Microsoft would be in violation of the GPL IF anyone to whom Microsoft had provided a binary driver were to request the sources, AND Microsoft were then to fail to provide them those sources in a timely fashion for no more than the “cost of physically performing source distribution”, i.e. the cost of the media plus reasonable postage and handling fees. See section 3 for details.

    They are in particular NOT required to publish the modified sources to the public, NOR are they obligated to provide absent a specific request, AND that request can only come from someone to whom Microsoft has provided a binary of “the program” in question.

    No binary, no request; no request, no violation. Do not pass “Go!”, do not collect $200.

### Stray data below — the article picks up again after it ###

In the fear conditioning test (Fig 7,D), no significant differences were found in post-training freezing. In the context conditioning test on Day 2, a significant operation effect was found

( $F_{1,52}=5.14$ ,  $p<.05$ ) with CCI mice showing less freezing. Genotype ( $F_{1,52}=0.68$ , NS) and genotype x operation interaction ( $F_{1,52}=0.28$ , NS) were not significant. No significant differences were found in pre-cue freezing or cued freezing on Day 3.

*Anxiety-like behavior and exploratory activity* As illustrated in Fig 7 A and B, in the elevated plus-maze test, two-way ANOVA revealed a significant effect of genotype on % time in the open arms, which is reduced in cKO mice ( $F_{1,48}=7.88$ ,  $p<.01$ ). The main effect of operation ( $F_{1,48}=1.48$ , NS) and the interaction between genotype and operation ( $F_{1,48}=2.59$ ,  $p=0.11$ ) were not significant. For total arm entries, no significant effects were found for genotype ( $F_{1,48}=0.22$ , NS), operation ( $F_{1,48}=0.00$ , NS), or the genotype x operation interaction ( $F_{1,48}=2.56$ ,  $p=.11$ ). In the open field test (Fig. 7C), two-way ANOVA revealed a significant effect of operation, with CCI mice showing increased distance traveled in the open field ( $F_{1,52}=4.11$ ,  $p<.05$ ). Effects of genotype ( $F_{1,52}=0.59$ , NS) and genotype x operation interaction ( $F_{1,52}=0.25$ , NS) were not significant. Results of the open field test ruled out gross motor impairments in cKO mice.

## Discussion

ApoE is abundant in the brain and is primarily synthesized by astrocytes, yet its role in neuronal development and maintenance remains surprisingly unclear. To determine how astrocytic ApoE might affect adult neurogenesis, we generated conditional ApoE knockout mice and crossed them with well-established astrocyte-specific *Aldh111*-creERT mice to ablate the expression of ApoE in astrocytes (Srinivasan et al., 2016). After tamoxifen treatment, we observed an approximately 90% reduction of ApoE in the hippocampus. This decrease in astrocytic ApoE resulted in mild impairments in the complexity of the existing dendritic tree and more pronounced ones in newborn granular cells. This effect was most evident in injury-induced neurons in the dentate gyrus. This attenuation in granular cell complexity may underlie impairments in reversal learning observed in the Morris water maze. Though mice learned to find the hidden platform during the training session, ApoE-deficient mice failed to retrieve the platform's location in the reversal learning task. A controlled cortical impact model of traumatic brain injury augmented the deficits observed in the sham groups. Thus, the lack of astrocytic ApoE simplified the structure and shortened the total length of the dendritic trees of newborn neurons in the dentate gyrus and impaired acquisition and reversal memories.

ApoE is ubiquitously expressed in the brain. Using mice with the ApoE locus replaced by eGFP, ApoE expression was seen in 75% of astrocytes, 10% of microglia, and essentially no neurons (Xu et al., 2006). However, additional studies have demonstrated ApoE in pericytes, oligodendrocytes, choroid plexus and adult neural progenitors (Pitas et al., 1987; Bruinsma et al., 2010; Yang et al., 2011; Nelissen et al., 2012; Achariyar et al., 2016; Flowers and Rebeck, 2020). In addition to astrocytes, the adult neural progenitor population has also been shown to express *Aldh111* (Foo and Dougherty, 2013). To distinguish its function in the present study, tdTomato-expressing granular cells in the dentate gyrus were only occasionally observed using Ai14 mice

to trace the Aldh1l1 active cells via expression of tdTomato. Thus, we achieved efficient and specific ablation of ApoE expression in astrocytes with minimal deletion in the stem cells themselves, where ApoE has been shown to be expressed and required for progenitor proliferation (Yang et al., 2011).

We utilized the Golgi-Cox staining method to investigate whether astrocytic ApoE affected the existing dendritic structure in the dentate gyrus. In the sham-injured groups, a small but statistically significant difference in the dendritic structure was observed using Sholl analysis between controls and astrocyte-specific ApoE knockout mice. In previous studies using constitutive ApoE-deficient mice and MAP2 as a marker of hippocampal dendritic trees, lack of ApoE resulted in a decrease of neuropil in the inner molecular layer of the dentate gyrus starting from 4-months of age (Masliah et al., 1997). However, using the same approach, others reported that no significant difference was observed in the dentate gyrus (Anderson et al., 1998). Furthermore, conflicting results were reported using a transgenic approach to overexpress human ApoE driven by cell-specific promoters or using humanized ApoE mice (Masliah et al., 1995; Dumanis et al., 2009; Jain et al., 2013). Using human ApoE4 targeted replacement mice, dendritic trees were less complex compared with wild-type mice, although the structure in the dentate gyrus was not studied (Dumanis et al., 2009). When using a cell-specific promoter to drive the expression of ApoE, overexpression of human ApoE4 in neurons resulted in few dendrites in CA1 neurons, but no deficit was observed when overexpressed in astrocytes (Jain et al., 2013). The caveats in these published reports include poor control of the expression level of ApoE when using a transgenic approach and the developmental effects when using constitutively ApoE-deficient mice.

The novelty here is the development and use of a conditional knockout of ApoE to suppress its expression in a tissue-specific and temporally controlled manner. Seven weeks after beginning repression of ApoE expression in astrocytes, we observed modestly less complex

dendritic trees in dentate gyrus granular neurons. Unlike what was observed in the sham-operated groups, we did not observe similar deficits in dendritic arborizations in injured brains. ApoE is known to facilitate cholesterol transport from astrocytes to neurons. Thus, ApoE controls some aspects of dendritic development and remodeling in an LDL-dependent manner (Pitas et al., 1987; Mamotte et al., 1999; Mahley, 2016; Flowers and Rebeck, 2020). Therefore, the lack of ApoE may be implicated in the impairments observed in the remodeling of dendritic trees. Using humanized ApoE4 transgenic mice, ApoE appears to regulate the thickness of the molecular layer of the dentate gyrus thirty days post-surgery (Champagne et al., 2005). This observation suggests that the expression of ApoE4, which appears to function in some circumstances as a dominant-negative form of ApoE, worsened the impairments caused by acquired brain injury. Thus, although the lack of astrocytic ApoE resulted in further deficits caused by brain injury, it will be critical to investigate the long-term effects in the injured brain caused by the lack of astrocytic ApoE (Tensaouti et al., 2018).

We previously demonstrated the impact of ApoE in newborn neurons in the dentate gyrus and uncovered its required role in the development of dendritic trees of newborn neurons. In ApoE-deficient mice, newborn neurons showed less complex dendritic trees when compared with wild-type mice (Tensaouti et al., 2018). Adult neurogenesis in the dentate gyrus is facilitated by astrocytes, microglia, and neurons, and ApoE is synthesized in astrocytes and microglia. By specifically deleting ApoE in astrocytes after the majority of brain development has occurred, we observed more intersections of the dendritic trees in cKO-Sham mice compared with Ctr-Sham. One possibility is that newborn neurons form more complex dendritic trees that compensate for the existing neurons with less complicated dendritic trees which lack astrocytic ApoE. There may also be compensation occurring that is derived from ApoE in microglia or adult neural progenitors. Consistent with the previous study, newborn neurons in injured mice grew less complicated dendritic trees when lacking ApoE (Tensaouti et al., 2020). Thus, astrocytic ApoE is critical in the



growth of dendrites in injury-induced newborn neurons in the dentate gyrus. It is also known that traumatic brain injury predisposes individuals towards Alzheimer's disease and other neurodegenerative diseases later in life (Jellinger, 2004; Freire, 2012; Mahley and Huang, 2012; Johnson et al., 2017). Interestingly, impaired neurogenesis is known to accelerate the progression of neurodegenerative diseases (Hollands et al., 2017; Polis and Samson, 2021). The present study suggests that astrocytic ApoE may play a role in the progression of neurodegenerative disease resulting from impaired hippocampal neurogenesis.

The guys over at gpl-violations.org lament the fact that some Linux-based devices are only sold in large quantities to customers who then rent them to users, e.g. some set-top boxes; if they can’t get hold of a binary (in the form of one embedded within a specific device)–in other words, if the code has not been “distributed” to them, and rental doesn’t constitute a distribution–they’ve got no standing to request sources for the GPL code in that device.

    Have you folks actually read the GPL? What else do you imagine it says? (Have we established that I know more about these things that you folks do yet…?)

    zatoichi Reply:

    And, by the way, when Dave Roberts was talking about some web sites that virtually put words into the mouths of Vyatta employees, he was talking about this web site.

    zatoichi Reply:

    …and rental doesn’t constitute a distribution…